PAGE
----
My teenager is doing heroin los angeles

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My Teenager is Doing Heroin: What Should I Do?

If you’re a parent in the scary situation where you’ve asked yourself, “my teenager is doing heroin, what should I do?”, then this article will provide you with resources to deal with this concerning issue.

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Opioids like heroin are causing the death of thousands of teenagers worldwide. This extremely addictive drug has ruined many lives, but why exactly is this white powder such a threat to the future of our youth?

[Learn about the best Adolescent opiate addiction treatment program in Los Angeles.]

Teenage Drug addiction is prevalent in the modern world, especially in urbanized states. Their high accessibility means that it’s not surprising to see that many of them do drugs at an early age. Some try heroin to fit in, feel good, self-treat diseases, “enhance” their performance in school or work, or just experiment. Any of these reasons might lead them to addiction.

According to experts, many adolescents today try party drugs for the first time due to peer pressure. However, as their body develops an addiction, they’ll seek another substance that produces the same or more intense effect than the first drug they used. As a result, some of them develop a chemical dependency on drugs that lasts through adulthood. 

In this article, we’ll discuss everything you need to know about heroin, so that you can recognize the signs, identify the risk factors, and know the best course of action to take before it gets too late for your child.

How Do I Know if My Teen is Using Heroin?

Most people try heroin for the “high” feeling they get. They might do it out of curiosity at first, but once they have tried it, they will do it for the euphoria and the relaxation that the drug provides. If you have found heroin in your household, it’s very likely that your teen has already started using it.

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Drug use is noticeable because of the significant changes to appearance, relationships, and physical and mental health. Those who do drugs tend to change as a person because it physically and psychologically deteriorates them.

It can be challenging to identify if your teens are using heroin or not. Being extra observant is a good start. Going to the doctor or an expert might also help determine drug use in the family. In the meantime, keep a close eye on the following signs, symptoms, and effects:

Physical

  • Bloodshot eyes.
  • Irregular breathing.
  • Severe sleepiness.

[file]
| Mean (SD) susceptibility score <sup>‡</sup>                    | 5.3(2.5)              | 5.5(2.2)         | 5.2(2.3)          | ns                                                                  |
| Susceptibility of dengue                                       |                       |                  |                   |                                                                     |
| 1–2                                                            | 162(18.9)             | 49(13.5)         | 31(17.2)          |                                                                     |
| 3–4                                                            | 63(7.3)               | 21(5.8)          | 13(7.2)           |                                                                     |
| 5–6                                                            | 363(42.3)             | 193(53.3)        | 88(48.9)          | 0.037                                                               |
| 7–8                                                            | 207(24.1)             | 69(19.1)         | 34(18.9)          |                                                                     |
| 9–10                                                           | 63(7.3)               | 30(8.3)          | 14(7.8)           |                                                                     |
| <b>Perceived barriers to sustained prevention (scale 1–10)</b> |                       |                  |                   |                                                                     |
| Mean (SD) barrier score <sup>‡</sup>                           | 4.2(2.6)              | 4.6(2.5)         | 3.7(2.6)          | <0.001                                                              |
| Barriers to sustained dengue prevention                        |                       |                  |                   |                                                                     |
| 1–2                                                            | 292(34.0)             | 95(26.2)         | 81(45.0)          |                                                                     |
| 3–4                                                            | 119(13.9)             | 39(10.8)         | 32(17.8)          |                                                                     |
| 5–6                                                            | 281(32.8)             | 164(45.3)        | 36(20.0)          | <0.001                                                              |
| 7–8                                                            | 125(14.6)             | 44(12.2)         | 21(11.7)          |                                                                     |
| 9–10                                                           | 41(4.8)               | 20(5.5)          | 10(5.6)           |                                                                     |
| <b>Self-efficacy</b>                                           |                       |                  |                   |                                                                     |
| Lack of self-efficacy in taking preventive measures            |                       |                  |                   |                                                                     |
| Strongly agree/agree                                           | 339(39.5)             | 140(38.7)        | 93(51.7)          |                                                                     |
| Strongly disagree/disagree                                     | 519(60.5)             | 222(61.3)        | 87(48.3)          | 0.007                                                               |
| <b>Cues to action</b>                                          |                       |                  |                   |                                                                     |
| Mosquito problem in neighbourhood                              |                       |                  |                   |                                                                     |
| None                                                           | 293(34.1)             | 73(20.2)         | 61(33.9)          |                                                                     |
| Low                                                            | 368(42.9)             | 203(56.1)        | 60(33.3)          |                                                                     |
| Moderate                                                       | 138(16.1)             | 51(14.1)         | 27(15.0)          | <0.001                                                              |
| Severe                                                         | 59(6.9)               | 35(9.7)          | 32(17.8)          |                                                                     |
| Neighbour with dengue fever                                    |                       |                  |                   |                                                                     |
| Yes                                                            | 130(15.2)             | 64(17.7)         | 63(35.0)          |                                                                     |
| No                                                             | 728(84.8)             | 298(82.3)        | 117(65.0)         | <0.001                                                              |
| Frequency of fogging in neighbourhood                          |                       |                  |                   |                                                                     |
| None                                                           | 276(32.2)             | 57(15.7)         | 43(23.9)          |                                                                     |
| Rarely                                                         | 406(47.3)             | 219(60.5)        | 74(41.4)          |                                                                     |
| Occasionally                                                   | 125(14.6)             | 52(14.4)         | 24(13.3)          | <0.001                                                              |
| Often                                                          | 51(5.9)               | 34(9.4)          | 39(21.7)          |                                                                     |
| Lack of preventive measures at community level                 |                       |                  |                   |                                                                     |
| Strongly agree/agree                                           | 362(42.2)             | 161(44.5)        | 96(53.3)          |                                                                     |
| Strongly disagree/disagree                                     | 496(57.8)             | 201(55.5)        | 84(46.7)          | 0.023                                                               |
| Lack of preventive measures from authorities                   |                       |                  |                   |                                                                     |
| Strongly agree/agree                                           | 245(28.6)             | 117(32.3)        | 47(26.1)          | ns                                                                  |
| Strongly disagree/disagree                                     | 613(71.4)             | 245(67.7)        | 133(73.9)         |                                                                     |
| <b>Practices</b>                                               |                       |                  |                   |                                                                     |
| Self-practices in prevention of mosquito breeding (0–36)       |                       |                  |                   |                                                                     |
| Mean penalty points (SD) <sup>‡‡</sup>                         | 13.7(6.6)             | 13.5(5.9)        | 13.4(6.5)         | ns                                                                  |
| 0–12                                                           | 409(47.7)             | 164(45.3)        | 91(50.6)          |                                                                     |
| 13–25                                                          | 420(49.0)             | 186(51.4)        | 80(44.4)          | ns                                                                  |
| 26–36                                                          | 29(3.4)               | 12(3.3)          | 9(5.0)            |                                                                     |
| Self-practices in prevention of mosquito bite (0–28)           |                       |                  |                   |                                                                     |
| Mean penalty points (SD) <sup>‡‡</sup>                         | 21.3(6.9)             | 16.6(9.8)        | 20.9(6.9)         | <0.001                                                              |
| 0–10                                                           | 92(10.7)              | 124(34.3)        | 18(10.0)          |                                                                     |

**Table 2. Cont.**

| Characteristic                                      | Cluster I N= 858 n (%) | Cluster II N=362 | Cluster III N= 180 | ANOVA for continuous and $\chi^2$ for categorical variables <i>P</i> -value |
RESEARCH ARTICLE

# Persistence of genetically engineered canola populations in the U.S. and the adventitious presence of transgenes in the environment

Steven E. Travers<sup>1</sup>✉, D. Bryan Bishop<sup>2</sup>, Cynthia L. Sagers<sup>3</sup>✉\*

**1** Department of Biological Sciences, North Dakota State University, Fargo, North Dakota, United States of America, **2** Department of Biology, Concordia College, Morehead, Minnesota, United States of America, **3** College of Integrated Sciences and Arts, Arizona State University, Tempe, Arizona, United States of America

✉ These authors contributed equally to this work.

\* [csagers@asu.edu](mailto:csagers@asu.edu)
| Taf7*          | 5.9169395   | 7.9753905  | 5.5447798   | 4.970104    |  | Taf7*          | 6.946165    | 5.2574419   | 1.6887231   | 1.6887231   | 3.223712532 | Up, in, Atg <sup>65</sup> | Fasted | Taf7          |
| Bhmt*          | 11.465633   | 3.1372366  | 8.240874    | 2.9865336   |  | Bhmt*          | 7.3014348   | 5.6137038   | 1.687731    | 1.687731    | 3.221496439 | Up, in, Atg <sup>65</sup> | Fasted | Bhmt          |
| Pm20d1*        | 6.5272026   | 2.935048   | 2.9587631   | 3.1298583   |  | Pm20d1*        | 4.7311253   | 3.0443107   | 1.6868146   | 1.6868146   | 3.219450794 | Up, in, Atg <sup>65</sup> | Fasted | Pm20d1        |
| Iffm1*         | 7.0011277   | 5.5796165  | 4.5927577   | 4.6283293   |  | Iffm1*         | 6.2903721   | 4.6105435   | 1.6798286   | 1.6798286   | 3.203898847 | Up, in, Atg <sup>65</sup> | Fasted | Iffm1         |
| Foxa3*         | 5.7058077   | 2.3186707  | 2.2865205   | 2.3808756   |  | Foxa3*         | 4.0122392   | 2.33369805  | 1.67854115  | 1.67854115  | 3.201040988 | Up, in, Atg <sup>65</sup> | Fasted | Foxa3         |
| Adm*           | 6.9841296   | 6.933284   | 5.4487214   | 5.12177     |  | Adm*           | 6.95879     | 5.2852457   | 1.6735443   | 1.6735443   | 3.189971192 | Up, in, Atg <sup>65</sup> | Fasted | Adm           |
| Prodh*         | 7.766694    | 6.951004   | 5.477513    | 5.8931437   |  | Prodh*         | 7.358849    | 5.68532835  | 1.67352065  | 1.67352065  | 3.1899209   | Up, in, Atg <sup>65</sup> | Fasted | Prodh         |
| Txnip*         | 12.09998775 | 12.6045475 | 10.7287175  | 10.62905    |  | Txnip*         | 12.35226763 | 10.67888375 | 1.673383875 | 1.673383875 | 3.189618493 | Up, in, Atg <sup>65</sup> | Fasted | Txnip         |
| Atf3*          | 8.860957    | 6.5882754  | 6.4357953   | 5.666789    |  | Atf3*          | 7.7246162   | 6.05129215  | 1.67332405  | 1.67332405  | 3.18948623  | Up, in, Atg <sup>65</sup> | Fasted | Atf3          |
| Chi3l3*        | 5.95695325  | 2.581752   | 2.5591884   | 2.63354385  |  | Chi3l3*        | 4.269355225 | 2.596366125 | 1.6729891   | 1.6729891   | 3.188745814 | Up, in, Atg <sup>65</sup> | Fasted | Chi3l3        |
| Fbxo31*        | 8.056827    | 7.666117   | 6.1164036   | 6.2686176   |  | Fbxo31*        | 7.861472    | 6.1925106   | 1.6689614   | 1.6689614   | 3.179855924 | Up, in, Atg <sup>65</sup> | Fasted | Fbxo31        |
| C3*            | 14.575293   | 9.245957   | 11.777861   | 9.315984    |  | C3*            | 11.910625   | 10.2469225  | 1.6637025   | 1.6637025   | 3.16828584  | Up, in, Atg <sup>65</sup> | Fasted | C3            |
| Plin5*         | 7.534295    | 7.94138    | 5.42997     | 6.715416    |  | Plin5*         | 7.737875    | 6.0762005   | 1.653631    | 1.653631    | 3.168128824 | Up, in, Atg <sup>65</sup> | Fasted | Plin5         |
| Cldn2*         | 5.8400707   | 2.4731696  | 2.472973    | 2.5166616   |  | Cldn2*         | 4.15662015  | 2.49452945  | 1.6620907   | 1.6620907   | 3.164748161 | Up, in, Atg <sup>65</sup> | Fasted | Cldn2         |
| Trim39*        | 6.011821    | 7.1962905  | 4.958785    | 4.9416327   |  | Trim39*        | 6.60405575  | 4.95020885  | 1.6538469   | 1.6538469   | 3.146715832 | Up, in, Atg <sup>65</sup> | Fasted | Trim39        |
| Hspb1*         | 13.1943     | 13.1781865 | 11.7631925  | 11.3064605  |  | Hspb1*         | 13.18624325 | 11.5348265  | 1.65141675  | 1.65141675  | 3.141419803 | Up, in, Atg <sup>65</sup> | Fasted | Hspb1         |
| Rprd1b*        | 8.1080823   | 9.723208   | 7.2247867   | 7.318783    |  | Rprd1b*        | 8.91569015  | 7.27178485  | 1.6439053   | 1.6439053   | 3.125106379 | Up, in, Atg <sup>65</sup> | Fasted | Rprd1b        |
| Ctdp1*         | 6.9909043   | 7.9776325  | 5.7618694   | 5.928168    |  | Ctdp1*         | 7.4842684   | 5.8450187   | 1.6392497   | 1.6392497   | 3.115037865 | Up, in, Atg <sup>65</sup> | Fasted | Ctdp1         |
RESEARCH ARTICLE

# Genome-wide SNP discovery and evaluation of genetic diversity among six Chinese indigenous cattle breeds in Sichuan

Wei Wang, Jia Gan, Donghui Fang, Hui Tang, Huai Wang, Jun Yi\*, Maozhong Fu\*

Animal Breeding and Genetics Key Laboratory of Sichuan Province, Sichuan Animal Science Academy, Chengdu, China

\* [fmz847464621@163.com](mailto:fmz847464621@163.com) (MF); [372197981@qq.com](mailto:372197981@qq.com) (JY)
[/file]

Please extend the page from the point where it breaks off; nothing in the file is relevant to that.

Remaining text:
• Sudden weight loss.
  • Constricted pupils.
  • Incoherent speech.
  • Change in appearance.
  • Nausea symptoms such as vomiting.
  • Body pains.
  • Constipation.

Emotional

  • Depression and other types of anxiety disorders.
  • Irritability.
  • Severe mood swings.
  • Loss of motivation on their usual tasks.
  • Secretive and deceptive behavior.
  • Fraudulently obtaining money from others.
  • Anti-social behavior.
  • Short attention span.
  • No focus on personal hygiene.
  • Hostile behavior.

Health Consequences

  • Pulmonary infections.
  • Stomach cramping.
  • Several lung complications.
  • Increased risk of Hepatitis or HIV.
  • Increased risk of drug overdose.
  • Damage to the brain and heart, resulting in severe health disorders.
  • Damaged veins.
  • Sexual dysfunction in males and infertility in females.

If you notice any of these signs on your teen, they might be using drugs. However, do not make assumptions, since mistakenly accusing your teen of drug use might hurt their feelings or ruin your relationship. Be open and talk with them in a loving manner.

What Are The Negative Consequences of Teen Heroin Use?

As time passes by, the risk of overdose due to using heroin increases. If your child is buying heroin, they are likely getting it from the streets, from dangerous drug dealers — often gang members — who prey on teenagers.

Drug dealers will not tell your kid what drug they are buying exactly. Fentanyl, which is 20 to 100 times stronger than heroin, is now rampant in the streets. People are buying and using it unknowingly, and it has already caused thousands of teen deaths due to overdose. In 2018, the National Institute on Drug Abuse had recorded a total of 46,802 deaths due to opioid-related drug overdoses.

Aside from this particular risk, people who use heroin in the long term will most likely suffer illnesses in their cardiovascular, nervous, digestive, and respiratory systems. The brain is one of the most vulnerable organs affected by illegal substances. Shrinking brain cells might lead to poor memory, and cause behavioral and emotional changes. This is why you might think that your teen is different from the person they used to be.

The most common way to use heroin is by smoking it using a lighter, spoon, and tinfoil. This is called “chasing the dragon” because the user is “chasing” the smoke with a tube, inhaling it. Injecting heroin with a needle is another method for using heroin. This causes damaged veins and arteries, resulting in the uneven flow of blood to and from the heart and other parts of the body. The consequences can range from infection to loss of life.

Heroin can also pose a considerable threat to the digestive system. The substance slows digestion, resulting in frequent constipation and bloating of the stomach, making the user feel very sick.